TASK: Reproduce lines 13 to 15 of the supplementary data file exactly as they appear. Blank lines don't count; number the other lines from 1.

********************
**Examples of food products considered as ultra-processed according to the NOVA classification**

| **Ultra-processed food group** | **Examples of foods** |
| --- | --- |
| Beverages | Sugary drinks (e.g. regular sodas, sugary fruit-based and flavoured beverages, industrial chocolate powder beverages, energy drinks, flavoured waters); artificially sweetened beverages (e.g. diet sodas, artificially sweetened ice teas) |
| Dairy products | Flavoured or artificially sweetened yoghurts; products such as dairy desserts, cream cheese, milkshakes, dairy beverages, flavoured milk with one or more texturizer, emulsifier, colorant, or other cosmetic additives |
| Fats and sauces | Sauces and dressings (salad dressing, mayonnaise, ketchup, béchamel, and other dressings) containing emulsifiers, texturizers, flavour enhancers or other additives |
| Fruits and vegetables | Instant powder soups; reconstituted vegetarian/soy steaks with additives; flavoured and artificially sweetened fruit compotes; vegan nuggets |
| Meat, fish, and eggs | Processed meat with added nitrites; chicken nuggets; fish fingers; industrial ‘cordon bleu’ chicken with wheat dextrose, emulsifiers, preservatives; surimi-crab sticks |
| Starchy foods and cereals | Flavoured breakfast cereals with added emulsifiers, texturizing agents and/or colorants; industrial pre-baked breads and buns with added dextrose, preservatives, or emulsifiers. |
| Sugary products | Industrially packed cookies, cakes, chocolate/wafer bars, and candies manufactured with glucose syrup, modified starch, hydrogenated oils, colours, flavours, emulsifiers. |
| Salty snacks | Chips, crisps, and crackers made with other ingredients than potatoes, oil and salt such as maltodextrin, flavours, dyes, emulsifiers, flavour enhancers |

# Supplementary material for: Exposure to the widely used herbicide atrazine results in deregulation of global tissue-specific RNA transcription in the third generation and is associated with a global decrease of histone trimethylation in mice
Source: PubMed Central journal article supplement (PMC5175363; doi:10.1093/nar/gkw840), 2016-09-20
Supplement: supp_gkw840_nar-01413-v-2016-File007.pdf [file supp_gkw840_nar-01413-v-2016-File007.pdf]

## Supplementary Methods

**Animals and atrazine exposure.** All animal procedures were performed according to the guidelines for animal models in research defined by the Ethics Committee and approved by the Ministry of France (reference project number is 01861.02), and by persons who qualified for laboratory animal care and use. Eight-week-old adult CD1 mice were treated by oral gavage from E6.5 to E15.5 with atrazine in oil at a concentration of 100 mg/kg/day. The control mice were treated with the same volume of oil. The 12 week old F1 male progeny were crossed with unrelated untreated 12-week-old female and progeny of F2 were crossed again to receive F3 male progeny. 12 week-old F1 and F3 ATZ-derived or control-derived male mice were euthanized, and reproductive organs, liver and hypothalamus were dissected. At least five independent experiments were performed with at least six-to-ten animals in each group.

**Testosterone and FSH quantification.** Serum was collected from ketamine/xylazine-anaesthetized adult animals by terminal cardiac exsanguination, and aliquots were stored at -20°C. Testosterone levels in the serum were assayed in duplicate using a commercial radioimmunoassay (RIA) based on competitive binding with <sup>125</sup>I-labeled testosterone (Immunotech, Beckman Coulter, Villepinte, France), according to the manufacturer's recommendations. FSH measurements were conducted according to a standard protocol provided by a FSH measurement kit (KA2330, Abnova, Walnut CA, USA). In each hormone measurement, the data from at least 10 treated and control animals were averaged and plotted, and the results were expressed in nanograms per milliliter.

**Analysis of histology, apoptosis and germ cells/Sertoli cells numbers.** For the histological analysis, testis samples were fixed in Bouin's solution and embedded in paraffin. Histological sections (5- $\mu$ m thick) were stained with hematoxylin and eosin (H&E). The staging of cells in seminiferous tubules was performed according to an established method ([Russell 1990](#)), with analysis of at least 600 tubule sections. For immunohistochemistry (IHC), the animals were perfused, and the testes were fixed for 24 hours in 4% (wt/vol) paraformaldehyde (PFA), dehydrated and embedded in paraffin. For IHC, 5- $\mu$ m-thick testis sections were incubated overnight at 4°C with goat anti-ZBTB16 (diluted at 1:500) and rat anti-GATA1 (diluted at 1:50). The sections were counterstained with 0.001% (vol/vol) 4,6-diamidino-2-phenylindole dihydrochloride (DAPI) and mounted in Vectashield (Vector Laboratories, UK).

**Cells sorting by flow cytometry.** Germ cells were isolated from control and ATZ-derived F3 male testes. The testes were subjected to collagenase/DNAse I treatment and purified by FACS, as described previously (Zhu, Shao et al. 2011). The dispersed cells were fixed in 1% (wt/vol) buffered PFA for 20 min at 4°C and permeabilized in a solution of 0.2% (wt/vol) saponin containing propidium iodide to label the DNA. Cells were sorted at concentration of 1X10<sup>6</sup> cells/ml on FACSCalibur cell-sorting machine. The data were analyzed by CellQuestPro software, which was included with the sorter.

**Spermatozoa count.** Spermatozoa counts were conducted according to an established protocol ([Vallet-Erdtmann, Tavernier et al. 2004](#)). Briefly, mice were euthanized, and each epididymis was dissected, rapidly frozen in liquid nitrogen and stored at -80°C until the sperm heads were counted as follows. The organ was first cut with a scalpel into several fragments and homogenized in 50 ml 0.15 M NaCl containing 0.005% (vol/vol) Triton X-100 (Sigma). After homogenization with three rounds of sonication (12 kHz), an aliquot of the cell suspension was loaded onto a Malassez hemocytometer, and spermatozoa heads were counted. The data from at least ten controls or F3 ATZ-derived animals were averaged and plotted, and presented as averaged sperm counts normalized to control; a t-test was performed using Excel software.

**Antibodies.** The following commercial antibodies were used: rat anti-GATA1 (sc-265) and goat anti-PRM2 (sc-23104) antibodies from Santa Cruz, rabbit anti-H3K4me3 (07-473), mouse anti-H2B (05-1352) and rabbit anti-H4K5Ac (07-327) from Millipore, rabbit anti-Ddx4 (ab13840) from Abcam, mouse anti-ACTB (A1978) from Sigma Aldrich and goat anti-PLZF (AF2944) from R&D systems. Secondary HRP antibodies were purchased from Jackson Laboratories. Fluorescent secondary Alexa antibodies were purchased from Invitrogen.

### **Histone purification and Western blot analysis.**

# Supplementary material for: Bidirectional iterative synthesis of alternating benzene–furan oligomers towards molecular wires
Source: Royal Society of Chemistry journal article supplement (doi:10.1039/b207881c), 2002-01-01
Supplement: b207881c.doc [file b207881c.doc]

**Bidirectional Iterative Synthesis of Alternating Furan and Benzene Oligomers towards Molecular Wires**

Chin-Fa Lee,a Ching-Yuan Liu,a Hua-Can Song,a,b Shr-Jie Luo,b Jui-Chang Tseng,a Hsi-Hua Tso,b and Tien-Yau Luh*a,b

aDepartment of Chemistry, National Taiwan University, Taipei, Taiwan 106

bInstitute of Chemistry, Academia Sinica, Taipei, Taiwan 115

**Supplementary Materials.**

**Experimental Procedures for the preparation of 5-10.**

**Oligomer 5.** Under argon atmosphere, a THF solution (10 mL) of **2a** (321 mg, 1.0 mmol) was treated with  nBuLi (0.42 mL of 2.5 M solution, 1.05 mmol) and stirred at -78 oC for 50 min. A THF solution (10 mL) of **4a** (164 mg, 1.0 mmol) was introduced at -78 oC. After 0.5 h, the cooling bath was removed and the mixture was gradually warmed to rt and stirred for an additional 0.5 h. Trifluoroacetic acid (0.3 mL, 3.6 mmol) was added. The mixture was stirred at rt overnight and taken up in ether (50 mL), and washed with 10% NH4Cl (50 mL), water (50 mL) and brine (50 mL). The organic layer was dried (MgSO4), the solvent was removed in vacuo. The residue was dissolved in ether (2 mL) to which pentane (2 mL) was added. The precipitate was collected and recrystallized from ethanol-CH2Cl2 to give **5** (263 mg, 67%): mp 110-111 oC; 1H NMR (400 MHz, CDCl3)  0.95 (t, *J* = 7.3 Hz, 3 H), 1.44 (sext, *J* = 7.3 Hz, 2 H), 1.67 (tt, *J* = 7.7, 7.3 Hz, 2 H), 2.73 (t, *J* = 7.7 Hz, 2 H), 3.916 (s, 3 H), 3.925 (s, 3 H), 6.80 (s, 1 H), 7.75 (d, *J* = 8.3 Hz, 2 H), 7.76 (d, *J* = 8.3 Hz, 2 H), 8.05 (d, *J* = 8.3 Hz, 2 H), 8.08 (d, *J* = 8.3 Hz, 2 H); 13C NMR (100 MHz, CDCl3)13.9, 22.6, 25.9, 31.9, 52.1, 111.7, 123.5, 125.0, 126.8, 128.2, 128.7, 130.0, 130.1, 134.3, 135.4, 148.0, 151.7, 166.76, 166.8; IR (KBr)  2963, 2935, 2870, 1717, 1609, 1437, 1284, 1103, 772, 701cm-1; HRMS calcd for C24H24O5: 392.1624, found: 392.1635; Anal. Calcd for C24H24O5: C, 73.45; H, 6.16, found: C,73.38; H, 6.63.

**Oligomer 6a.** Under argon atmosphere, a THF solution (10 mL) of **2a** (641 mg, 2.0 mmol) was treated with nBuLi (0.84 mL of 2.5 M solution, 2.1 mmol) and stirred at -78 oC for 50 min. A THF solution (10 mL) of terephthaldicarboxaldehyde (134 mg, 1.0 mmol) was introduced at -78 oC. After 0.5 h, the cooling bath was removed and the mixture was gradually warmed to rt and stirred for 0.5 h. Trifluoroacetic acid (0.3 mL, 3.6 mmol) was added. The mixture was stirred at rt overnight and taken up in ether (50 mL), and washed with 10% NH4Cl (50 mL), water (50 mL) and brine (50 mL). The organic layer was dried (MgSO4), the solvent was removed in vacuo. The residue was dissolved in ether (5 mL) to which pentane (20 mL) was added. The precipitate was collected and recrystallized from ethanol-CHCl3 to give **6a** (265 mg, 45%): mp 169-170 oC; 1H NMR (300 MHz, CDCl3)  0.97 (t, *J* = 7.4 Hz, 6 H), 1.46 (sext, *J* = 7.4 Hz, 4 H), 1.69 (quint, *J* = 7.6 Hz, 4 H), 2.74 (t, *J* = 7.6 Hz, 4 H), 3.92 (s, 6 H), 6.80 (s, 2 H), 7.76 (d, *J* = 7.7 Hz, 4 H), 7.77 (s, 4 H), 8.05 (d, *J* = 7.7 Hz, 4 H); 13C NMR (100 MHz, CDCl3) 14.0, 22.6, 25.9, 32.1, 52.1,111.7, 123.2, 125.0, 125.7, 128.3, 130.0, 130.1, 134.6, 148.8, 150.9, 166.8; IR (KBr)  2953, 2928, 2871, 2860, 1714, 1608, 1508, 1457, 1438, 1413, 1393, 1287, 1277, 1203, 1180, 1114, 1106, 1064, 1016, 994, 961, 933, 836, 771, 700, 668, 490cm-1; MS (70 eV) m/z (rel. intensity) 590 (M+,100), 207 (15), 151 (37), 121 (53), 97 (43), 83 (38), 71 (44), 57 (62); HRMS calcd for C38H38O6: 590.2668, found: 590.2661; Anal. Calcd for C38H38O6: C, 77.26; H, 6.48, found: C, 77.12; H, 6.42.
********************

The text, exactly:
Source: PubMed Central journal article supplement (PMC5175363; doi:10.1093/nar/gkw840), 2016-09-20
Supplement: supp_gkw840_nar-01413-v-2016-File007.pdf [file supp_gkw840_nar-01413-v-2016-File007.pdf]

## Supplementary Methods